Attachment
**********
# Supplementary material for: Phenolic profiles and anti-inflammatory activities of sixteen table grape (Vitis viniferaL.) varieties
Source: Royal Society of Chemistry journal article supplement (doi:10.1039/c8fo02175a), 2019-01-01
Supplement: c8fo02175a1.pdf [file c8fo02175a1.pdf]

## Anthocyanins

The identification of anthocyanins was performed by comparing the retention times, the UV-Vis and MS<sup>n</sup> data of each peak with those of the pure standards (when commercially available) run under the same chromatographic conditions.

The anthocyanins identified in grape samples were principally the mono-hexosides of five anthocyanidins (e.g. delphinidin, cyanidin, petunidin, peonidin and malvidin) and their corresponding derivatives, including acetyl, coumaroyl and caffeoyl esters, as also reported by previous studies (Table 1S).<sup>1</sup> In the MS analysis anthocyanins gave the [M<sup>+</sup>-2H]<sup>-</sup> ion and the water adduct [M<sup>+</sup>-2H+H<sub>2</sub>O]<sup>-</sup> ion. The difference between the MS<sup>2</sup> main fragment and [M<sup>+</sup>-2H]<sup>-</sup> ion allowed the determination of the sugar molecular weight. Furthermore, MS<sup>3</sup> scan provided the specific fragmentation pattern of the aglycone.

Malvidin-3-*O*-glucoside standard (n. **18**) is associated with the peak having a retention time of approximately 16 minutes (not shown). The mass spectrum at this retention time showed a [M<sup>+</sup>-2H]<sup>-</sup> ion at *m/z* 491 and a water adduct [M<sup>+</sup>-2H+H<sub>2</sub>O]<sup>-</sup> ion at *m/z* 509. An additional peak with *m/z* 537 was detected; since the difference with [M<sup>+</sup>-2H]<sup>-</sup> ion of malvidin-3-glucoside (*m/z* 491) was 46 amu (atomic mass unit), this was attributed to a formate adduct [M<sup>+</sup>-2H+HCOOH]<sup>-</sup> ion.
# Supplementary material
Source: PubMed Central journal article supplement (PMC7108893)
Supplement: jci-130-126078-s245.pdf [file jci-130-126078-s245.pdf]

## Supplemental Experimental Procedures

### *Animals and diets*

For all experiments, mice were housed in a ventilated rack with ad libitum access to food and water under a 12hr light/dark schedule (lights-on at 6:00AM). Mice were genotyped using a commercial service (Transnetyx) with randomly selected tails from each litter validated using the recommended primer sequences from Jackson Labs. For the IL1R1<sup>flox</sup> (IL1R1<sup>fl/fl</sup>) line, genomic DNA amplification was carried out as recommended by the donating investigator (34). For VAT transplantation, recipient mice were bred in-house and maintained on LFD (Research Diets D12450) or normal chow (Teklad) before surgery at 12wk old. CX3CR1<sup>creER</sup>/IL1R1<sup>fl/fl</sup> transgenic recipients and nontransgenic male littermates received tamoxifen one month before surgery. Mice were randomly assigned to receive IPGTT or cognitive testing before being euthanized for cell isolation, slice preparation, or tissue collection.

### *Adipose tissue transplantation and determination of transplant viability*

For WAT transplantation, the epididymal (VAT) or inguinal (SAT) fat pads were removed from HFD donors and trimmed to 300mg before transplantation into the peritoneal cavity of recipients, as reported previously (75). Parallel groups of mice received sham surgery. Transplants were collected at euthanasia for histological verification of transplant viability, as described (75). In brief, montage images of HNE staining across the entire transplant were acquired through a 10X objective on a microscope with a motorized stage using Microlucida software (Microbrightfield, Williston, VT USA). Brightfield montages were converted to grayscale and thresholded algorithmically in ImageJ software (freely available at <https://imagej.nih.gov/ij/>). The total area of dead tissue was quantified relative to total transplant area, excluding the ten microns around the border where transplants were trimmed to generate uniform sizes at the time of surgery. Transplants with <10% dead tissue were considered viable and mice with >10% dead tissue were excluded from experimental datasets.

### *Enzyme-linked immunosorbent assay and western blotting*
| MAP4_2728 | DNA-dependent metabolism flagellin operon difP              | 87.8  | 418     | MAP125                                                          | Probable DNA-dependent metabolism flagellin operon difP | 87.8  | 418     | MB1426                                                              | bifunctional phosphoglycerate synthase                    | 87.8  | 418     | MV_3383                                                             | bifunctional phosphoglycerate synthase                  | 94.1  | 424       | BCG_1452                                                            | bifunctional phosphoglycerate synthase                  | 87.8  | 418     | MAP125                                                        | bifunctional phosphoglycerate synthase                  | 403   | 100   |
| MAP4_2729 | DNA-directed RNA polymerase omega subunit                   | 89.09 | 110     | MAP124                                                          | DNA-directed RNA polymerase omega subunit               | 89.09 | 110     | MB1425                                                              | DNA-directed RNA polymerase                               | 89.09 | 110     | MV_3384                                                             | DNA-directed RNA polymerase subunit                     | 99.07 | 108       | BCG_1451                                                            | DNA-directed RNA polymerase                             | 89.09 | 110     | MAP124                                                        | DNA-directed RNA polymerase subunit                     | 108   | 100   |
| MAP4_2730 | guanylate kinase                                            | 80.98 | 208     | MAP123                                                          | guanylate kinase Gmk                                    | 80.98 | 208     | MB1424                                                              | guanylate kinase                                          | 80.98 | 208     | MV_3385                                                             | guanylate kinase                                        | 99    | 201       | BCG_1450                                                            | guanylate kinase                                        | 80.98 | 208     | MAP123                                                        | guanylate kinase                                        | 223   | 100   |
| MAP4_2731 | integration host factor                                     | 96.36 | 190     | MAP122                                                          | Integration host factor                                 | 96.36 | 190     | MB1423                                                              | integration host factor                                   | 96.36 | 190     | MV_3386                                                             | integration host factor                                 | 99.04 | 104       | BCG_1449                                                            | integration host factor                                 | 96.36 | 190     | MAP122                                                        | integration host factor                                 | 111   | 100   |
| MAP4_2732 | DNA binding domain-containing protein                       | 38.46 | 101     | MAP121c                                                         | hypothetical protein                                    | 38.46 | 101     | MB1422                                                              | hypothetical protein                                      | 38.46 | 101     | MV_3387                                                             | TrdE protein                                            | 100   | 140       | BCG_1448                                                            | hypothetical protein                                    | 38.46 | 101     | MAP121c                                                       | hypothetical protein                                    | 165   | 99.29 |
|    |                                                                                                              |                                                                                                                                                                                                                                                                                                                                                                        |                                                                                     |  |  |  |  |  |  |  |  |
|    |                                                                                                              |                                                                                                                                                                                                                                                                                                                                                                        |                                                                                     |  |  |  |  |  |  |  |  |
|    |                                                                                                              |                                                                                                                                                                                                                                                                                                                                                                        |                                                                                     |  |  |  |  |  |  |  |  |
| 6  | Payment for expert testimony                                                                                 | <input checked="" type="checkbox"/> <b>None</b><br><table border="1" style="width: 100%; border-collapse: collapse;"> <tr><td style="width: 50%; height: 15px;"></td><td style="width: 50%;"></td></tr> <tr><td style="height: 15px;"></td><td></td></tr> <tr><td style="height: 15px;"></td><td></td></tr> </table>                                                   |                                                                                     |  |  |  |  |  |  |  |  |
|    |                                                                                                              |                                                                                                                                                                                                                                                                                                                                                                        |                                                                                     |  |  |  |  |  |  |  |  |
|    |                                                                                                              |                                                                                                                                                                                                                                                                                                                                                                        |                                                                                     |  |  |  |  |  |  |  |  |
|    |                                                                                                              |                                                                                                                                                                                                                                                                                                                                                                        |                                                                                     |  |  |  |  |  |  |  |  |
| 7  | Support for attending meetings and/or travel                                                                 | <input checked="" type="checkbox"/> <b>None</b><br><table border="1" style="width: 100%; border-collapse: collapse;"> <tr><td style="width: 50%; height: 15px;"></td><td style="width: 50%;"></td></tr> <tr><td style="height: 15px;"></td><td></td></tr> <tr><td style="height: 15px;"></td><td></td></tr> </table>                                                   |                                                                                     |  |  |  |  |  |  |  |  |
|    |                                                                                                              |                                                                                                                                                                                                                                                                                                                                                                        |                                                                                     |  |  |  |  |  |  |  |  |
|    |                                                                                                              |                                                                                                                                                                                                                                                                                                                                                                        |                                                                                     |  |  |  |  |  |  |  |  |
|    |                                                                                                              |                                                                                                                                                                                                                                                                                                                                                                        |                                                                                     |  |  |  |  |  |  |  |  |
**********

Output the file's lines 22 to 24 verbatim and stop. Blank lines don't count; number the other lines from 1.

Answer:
|    |                                                                                                              |                                                                                                                                                                                                                                                                                                                                                                        |                                                                                     |  |  |  |  |  |  |  |  |
|    |                                                                                                              |                                                                                                                                                                                                                                                                                                                                                                        |                                                                                     |  |  |  |  |  |  |  |  |
|    |                                                                                                              |                                                                                                                                                                                                                                                                                                                                                                        |                                                                                     |  |  |  |  |  |  |  |  |